By Larry Hering
Suicide is the third leading cause of death for the age group of 15-24. It is the only cause of death for teens that has shown a significant increase since 2004. In fact, the rise from 2003 to 2004 was over 18% and today there is said to be a teen suicide every hour and forty-five minutes. Why is this happening and what can be done to prevent it?
Dr. Nancy Carroll, an adolescent psychiatrist from Luca County Ohio, says “If you look at suicide in general, the belief is the common denominator is hopeless, helpless pain – unbearable, intolerable pain, not being able to feel like they can tolerate it anymore.” According to Dr. Carroll the most important thing a parent can do is talk to their children about the stressors in their lives. Be aware of the risk factors. Breakups in relationships, drinking, mood changes, and depression are all major risk factors.
Thoughts of suicide must always be taken seriously and it is important not to diminish the feelings of the kids. Helping connect them to support is another important step in helping them. It is important to acknowledge that listening to your kids is not the same as hearing them. Listening shows you are determined to help and the kids know the difference. Sometimes it is a difference between life and death.
Outside support is as important for some kids as having a parent listen to them. Peer counseling has proven to be an effective resource for adolescents. It is well known teenagers rely on each other for information and support, especially during adolescence. Teenagers are often able to talk openly with other teens, particularly about embarrassing or problematic areas of their lives. Finally, a peer counselor can give a teenager the information, encouragement, and reassurance they need to access services provided by adults.
Peer counseling also gives young people the benefits of playing the helper. These benefits include increased self-esteem from the knowledge that they have something to give, decreased dependency, a sense of control that can be empowering, and a feeling of social usefulness. Peer counseling naturally recognizes young peoples’ skills and abilities, their role as part of the solution to a problem, and their willingness to contribute constructively.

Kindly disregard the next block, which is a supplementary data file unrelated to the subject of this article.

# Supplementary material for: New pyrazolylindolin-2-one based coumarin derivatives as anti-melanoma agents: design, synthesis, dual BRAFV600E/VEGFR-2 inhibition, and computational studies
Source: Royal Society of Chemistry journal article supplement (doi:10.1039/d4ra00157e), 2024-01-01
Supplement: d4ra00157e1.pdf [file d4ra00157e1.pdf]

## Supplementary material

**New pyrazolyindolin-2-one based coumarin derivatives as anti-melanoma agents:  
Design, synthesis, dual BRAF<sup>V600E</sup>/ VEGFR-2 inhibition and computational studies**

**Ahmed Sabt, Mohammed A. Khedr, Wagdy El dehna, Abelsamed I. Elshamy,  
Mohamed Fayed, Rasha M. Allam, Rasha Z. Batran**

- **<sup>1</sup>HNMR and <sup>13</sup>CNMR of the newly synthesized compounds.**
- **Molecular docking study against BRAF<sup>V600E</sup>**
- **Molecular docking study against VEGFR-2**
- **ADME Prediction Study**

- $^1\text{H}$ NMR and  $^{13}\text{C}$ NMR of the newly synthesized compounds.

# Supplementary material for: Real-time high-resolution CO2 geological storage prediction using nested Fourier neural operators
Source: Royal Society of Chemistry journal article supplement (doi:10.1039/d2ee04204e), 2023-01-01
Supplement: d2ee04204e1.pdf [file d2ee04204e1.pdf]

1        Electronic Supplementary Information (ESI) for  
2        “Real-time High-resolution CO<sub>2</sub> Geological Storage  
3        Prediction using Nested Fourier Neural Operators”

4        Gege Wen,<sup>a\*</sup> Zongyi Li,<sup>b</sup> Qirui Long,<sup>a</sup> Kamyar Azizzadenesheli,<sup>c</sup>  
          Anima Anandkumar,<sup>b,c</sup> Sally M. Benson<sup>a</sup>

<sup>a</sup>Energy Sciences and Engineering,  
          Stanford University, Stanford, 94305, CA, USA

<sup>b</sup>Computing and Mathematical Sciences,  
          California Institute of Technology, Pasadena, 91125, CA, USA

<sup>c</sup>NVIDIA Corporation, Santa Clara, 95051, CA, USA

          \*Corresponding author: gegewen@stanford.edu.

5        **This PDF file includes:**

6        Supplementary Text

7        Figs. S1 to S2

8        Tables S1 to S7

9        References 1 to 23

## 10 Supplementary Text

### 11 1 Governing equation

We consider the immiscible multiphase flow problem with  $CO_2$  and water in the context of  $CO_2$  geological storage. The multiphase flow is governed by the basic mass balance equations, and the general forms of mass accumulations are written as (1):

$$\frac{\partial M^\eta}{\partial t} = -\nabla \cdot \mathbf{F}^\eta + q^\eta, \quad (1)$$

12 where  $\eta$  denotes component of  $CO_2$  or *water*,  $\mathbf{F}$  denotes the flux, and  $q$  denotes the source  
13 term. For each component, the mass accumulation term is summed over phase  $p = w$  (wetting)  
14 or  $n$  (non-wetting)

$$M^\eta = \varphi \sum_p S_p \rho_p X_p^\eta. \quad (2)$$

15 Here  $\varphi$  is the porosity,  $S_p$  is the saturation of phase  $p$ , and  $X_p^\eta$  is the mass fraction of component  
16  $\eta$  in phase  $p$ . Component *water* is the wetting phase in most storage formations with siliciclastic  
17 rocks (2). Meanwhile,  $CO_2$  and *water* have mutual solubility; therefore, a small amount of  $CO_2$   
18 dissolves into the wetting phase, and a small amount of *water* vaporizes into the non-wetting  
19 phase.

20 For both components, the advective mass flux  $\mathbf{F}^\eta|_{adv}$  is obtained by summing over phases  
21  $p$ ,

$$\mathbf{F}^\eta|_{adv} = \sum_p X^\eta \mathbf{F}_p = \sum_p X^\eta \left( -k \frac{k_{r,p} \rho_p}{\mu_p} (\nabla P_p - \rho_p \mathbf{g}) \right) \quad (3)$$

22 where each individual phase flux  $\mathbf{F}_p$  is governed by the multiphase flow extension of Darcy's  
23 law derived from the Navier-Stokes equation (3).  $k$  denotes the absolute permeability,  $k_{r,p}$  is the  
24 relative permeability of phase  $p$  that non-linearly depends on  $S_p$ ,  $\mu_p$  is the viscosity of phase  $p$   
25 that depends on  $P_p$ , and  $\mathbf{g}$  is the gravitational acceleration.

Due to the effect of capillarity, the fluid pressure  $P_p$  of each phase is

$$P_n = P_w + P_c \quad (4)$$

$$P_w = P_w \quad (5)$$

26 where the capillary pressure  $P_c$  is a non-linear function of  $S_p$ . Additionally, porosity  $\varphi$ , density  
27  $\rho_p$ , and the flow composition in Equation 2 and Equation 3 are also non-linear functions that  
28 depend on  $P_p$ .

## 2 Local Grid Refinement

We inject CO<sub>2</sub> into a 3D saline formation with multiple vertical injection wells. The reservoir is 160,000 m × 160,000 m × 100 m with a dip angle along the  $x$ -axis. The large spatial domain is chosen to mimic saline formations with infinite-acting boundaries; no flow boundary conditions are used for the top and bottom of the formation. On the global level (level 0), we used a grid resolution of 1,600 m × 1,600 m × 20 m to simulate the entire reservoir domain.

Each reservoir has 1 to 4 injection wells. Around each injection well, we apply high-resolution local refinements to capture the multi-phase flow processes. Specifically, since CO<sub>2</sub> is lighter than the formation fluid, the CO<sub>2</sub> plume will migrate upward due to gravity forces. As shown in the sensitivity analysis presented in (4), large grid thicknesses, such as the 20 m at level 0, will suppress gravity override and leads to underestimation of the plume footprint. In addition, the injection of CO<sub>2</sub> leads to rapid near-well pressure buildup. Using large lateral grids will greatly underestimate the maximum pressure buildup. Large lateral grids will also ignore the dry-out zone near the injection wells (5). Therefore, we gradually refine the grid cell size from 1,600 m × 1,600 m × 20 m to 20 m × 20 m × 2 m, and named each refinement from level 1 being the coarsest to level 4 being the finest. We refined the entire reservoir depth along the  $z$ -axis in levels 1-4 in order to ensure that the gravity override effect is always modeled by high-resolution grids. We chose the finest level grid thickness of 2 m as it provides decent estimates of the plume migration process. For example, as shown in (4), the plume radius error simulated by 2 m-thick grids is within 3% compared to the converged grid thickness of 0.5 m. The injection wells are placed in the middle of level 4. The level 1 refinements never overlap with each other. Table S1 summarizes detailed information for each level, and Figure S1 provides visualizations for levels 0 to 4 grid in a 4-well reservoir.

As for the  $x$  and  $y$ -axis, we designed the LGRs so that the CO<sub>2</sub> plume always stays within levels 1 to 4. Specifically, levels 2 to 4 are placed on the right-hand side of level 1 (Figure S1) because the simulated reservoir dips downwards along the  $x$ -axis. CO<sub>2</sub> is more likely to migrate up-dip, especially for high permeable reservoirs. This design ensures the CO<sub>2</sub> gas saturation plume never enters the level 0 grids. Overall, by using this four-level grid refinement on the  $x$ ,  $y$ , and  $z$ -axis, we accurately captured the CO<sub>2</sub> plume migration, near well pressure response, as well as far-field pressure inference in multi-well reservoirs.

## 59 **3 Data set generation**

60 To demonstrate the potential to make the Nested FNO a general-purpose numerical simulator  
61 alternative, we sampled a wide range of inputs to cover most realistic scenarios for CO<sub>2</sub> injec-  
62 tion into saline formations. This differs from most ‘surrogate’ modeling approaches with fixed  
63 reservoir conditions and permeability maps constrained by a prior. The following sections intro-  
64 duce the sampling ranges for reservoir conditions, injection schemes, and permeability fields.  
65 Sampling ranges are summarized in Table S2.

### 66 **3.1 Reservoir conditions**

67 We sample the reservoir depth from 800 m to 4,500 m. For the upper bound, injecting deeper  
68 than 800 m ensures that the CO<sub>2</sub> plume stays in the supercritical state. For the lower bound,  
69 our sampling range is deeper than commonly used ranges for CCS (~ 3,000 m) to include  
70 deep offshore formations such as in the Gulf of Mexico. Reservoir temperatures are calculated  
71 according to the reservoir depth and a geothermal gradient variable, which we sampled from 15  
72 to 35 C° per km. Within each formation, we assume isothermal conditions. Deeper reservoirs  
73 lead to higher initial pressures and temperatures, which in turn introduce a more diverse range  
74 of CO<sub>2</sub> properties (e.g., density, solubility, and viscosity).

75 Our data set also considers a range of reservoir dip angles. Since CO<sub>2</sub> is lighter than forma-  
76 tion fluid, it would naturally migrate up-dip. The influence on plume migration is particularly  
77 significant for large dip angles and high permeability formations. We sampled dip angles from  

There is a growing amount of research indicating that it is possible to change the self-concept. Self-change is not something that people can will for themselves, but it depends on the process of self-reflection. Using self-reflection, kids often come to view themselves in a new, more powerful way. It is through this new, more powerful way of viewing the self that young people can develop a better self-concept. Peer counseling provides the platform for it to happen.
Delivery of support to young people is not what it used to be. If you have in your head the stereotype of a teenager talking on a cell phone, it’s time to replace it. A more accurate picture, according to a report released last week by the Pew Research Center’s Internet & American Life Project, would show a teen texting away on a cell phone.
The Mental Health Consumer/Survivor Network (MHCSN) has taken note of all this and is currently getting ready to offer peer support via text messaging and online chat. Executive Director Patti Bitney-Starke notes “we have to reach them where they are communicating. Reaching young people where they are communicating means a big change in tactics.” 88 percent of teens are using their cell phones to text, email, and chat. Among the 88 percent of teen cell users who text, three in 10 of them send 100 or more messages per day. Boys send and receive an average of 30 texts per day, while girls exchange an average of 80. MHCSN has taken note.
There are many small programs using the peer support model by texting and online communication. One such program is Teen Line Online in the Los Angeles are. Teen Line was created in 1980 by a group of mental health professionals who, through their personal work with teenagers, realized that a more inclusive approach to adolescent mental health was needed. After extensive research and consultation, Teen Line, a teen-to-teen hotline with community outreach services was born.
This simple act of listening makes a huge difference, sometimes a life-saving one. Each year nearly 9,000 young people call the hotline and more than 30,000 attend our outreaches. Teens know they can trust Teen Line and they do.
MHCSN hopes to mirror the success of Teen Line on a larger scale. There are many areas of the United States that do not have these services available and MHCSN hopes to fill the void. Since they are a non-profit, the funds to provide these services must come from grants and donations. Bitney-Starke says “every one hour and forty-five minutes we lose another one. If everyone stopped and thought about it I’m sure they would be willing to invest five or ten dollars to the cause.”
The cause is complex and efforts to provide peer counseling in all of the popular media will not stop suicide completely. School systems must take up the educational effort, but the peer counseling opportunity will make a big impact. We just need to make it a priority.
If you would like to donate to the cause, here is the link:
Mental Health Consumer/Survivor Network:
- When Teenagers Cut Themselves (everydayhealth.com)
- Ontario city baffled by cluster of teen suicides (ctv.ca)
- Jacksonville young people say trusted adults can help when thinking about suicide (jacksonville.com)
- Teenage Depression: Are Girls at Greater Risk? (everydayhealth.com)